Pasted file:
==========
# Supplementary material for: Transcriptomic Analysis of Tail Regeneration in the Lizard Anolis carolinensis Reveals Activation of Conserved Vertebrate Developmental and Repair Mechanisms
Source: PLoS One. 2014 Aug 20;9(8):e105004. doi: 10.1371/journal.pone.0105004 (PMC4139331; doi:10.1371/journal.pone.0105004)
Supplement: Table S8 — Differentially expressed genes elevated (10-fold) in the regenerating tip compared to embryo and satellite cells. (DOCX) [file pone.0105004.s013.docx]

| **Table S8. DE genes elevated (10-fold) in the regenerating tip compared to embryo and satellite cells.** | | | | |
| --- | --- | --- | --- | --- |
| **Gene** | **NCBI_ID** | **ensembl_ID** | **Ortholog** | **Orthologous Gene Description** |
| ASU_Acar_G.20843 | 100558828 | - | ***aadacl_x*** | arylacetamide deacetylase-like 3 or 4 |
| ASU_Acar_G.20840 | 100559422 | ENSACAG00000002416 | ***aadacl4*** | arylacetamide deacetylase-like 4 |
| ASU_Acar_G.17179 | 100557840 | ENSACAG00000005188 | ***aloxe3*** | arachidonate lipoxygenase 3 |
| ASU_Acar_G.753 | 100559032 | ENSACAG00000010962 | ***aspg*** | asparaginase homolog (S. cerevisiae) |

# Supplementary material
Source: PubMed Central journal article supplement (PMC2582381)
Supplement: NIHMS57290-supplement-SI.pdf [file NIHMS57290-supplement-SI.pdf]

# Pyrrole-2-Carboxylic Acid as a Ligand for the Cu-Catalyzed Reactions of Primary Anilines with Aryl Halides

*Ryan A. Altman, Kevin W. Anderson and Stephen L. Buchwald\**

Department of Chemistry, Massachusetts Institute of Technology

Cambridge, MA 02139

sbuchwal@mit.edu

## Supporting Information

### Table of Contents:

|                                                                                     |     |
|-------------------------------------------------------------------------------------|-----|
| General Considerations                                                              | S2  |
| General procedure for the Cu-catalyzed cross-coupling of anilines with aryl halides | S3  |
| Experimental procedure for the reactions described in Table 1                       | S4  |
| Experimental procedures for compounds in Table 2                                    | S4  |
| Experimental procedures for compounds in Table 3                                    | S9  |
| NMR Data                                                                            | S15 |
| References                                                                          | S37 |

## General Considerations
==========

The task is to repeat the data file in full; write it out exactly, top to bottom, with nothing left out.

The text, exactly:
# Supplementary material for: Transcriptomic Analysis of Tail Regeneration in the Lizard Anolis carolinensis Reveals Activation of Conserved Vertebrate Developmental and Repair Mechanisms
Source: PLoS One. 2014 Aug 20;9(8):e105004. doi: 10.1371/journal.pone.0105004 (PMC4139331; doi:10.1371/journal.pone.0105004)
Supplement: Table S8 — Differentially expressed genes elevated (10-fold) in the regenerating tip compared to embryo and satellite cells. (DOCX) [file pone.0105004.s013.docx]

| **Table S8. DE genes elevated (10-fold) in the regenerating tip compared to embryo and satellite cells.** | | | | |
| --- | --- | --- | --- | --- |
| **Gene** | **NCBI_ID** | **ensembl_ID** | **Ortholog** | **Orthologous Gene Description** |
| ASU_Acar_G.20843 | 100558828 | - | ***aadacl_x*** | arylacetamide deacetylase-like 3 or 4 |
| ASU_Acar_G.20840 | 100559422 | ENSACAG00000002416 | ***aadacl4*** | arylacetamide deacetylase-like 4 |
| ASU_Acar_G.17179 | 100557840 | ENSACAG00000005188 | ***aloxe3*** | arachidonate lipoxygenase 3 |
| ASU_Acar_G.753 | 100559032 | ENSACAG00000010962 | ***aspg*** | asparaginase homolog (S. cerevisiae) |

# Supplementary material
Source: PubMed Central journal article supplement (PMC2582381)
Supplement: NIHMS57290-supplement-SI.pdf [file NIHMS57290-supplement-SI.pdf]

# Pyrrole-2-Carboxylic Acid as a Ligand for the Cu-Catalyzed Reactions of Primary Anilines with Aryl Halides

*Ryan A. Altman, Kevin W. Anderson and Stephen L. Buchwald\**

Department of Chemistry, Massachusetts Institute of Technology

Cambridge, MA 02139

sbuchwal@mit.edu

## Supporting Information

### Table of Contents:

|                                                                                     |     |
|-------------------------------------------------------------------------------------|-----|
| General Considerations                                                              | S2  |
| General procedure for the Cu-catalyzed cross-coupling of anilines with aryl halides | S3  |
| Experimental procedure for the reactions described in Table 1                       | S4  |
| Experimental procedures for compounds in Table 2                                    | S4  |
| Experimental procedures for compounds in Table 3                                    | S9  |
| NMR Data                                                                            | S15 |
| References                                                                          | S37 |

## General Considerations